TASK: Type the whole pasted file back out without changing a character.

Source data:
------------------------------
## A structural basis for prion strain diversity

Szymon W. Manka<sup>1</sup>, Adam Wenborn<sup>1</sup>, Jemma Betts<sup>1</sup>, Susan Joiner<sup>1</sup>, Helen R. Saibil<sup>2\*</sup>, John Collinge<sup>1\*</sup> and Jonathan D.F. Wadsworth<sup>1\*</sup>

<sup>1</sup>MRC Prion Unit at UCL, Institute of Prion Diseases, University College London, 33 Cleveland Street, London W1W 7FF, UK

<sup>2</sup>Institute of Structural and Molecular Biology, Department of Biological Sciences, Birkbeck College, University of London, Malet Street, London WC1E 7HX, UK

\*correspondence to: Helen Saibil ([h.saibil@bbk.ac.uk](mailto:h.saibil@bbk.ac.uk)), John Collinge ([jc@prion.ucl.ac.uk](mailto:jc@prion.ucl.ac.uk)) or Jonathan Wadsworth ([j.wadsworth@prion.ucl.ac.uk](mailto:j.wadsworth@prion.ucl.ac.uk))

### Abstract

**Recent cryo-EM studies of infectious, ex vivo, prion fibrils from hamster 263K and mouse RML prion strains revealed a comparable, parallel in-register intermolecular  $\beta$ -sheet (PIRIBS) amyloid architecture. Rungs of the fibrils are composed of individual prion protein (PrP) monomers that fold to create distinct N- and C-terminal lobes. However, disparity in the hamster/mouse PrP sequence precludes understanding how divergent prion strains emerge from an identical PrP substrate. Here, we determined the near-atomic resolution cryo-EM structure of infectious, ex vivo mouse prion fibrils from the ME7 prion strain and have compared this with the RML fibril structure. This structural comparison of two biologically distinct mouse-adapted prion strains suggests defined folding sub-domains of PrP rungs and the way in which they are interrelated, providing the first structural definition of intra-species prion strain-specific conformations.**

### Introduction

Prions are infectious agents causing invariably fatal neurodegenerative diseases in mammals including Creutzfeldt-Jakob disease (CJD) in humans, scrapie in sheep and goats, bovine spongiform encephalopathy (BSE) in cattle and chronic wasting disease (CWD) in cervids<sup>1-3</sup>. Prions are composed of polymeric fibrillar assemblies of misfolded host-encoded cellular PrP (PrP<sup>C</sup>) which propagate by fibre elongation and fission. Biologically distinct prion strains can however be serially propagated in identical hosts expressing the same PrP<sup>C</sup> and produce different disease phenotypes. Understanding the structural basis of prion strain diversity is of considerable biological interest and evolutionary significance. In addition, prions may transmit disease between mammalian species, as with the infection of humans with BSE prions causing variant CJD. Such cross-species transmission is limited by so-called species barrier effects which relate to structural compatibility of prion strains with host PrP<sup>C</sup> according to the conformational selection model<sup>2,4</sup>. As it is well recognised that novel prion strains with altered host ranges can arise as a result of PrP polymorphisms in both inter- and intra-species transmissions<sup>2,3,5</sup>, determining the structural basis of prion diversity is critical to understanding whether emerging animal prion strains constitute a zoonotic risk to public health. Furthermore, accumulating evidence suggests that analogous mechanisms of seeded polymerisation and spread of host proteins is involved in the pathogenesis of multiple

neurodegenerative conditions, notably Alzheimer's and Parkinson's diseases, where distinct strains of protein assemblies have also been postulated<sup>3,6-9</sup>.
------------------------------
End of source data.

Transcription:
## A structural basis for prion strain diversity

Szymon W. Manka<sup>1</sup>, Adam Wenborn<sup>1</sup>, Jemma Betts<sup>1</sup>, Susan Joiner<sup>1</sup>, Helen R. Saibil<sup>2\*</sup>, John Collinge<sup>1\*</sup> and Jonathan D.F. Wadsworth<sup>1\*</sup>

<sup>1</sup>MRC Prion Unit at UCL, Institute of Prion Diseases, University College London, 33 Cleveland Street, London W1W 7FF, UK

<sup>2</sup>Institute of Structural and Molecular Biology, Department of Biological Sciences, Birkbeck College, University of London, Malet Street, London WC1E 7HX, UK

\*correspondence to: Helen Saibil ([h.saibil@bbk.ac.uk](mailto:h.saibil@bbk.ac.uk)), John Collinge ([jc@prion.ucl.ac.uk](mailto:jc@prion.ucl.ac.uk)) or Jonathan Wadsworth ([j.wadsworth@prion.ucl.ac.uk](mailto:j.wadsworth@prion.ucl.ac.uk))

### Abstract

**Recent cryo-EM studies of infectious, ex vivo, prion fibrils from hamster 263K and mouse RML prion strains revealed a comparable, parallel in-register intermolecular  $\beta$ -sheet (PIRIBS) amyloid architecture. Rungs of the fibrils are composed of individual prion protein (PrP) monomers that fold to create distinct N- and C-terminal lobes. However, disparity in the hamster/mouse PrP sequence precludes understanding how divergent prion strains emerge from an identical PrP substrate. Here, we determined the near-atomic resolution cryo-EM structure of infectious, ex vivo mouse prion fibrils from the ME7 prion strain and have compared this with the RML fibril structure. This structural comparison of two biologically distinct mouse-adapted prion strains suggests defined folding sub-domains of PrP rungs and the way in which they are interrelated, providing the first structural definition of intra-species prion strain-specific conformations.**

### Introduction

Prions are infectious agents causing invariably fatal neurodegenerative diseases in mammals including Creutzfeldt-Jakob disease (CJD) in humans, scrapie in sheep and goats, bovine spongiform encephalopathy (BSE) in cattle and chronic wasting disease (CWD) in cervids<sup>1-3</sup>. Prions are composed of polymeric fibrillar assemblies of misfolded host-encoded cellular PrP (PrP<sup>C</sup>) which propagate by fibre elongation and fission. Biologically distinct prion strains can however be serially propagated in identical hosts expressing the same PrP<sup>C</sup> and produce different disease phenotypes. Understanding the structural basis of prion strain diversity is of considerable biological interest and evolutionary significance. In addition, prions may transmit disease between mammalian species, as with the infection of humans with BSE prions causing variant CJD. Such cross-species transmission is limited by so-called species barrier effects which relate to structural compatibility of prion strains with host PrP<sup>C</sup> according to the conformational selection model<sup>2,4</sup>. As it is well recognised that novel prion strains with altered host ranges can arise as a result of PrP polymorphisms in both inter- and intra-species transmissions<sup>2,3,5</sup>, determining the structural basis of prion diversity is critical to understanding whether emerging animal prion strains constitute a zoonotic risk to public health. Furthermore, accumulating evidence suggests that analogous mechanisms of seeded polymerisation and spread of host proteins is involved in the pathogenesis of multiple

neurodegenerative conditions, notably Alzheimer's and Parkinson's diseases, where distinct strains of protein assemblies have also been postulated<sup>3,6-9</sup>.